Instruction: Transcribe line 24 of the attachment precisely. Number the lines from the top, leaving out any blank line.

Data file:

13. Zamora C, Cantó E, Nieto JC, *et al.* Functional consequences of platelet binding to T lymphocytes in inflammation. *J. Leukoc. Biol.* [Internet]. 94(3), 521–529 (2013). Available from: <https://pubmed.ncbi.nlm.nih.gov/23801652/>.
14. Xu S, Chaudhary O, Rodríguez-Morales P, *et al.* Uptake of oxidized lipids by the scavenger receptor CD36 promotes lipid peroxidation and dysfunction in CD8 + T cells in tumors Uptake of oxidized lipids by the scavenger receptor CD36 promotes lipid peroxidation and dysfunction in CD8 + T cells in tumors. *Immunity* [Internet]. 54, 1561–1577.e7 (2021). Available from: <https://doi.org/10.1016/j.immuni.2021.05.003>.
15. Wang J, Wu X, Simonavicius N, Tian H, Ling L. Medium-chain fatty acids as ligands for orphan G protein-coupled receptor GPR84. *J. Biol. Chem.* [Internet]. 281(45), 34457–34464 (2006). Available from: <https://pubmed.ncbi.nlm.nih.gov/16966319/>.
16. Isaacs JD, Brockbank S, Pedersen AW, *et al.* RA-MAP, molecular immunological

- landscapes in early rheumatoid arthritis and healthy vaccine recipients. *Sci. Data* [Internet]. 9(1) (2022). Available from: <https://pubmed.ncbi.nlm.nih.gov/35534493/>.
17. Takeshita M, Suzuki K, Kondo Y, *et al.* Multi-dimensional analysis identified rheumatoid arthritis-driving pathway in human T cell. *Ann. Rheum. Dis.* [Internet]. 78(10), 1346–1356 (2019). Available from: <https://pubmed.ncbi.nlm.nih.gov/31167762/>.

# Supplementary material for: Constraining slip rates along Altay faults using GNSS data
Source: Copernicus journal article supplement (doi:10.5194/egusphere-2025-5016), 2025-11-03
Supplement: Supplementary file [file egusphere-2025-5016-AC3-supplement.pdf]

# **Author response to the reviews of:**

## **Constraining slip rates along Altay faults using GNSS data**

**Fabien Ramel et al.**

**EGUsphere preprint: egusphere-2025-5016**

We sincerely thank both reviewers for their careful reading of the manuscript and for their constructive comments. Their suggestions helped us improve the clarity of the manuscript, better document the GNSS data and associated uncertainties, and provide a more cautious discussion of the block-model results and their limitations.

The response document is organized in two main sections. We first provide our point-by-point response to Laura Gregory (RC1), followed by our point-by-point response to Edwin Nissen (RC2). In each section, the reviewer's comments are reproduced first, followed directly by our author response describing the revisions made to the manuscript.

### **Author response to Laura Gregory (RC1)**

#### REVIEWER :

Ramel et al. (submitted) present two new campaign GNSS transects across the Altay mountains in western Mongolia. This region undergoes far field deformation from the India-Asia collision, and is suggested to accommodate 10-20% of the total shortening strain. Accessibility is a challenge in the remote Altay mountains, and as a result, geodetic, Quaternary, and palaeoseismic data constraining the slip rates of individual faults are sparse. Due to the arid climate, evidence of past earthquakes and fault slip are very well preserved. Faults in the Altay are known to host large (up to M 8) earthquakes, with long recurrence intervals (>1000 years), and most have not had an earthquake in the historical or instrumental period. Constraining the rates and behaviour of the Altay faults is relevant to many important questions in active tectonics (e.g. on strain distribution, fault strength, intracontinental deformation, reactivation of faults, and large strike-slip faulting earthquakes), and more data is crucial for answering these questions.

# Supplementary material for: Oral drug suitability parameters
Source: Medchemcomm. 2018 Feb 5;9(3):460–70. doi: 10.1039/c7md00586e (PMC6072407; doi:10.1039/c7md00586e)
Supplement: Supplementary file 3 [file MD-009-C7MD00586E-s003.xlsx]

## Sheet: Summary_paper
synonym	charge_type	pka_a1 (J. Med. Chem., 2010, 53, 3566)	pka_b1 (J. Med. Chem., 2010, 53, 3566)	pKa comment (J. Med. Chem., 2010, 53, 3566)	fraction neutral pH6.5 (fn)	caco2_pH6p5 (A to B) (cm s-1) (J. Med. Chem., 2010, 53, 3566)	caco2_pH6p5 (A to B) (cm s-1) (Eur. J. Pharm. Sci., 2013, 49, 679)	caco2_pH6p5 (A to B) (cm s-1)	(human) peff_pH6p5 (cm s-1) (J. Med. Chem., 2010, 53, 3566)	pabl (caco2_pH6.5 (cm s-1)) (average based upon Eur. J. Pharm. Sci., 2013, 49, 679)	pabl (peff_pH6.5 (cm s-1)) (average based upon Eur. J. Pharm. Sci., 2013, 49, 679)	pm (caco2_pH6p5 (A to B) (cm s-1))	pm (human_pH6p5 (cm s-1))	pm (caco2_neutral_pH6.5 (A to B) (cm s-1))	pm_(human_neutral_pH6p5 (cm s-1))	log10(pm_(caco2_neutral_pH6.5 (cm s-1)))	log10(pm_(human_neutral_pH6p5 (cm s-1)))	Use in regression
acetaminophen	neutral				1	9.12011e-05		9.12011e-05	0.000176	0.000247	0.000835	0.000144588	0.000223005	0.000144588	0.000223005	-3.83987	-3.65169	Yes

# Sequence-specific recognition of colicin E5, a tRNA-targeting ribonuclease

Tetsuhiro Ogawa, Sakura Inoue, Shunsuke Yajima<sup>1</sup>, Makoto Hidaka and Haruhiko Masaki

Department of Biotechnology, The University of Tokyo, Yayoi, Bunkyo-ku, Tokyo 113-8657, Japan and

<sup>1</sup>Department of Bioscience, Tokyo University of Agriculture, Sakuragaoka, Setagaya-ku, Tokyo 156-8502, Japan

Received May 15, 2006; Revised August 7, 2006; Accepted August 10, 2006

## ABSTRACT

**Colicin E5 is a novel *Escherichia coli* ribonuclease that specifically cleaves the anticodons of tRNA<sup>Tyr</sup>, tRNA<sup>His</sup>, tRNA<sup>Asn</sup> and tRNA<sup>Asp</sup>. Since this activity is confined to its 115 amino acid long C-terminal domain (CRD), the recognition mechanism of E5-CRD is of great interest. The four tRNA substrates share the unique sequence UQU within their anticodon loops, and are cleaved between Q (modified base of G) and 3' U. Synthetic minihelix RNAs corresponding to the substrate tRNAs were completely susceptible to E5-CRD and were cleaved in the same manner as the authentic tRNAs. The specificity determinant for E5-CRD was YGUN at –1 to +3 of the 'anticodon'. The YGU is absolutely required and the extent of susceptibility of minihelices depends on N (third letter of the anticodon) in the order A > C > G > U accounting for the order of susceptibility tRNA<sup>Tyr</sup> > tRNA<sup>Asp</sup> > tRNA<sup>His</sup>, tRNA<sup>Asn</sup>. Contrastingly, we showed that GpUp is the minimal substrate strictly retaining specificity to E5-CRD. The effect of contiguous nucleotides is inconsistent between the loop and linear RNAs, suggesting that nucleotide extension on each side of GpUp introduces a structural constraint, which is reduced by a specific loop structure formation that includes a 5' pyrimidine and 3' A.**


acetaminophen	neutral				1	9.12011e-05		9.12011e-05	0.000176	0.000247	0.000835	0.000144588	0.000223005	0.000144588	0.000223005	-3.83987	-3.65169	Yes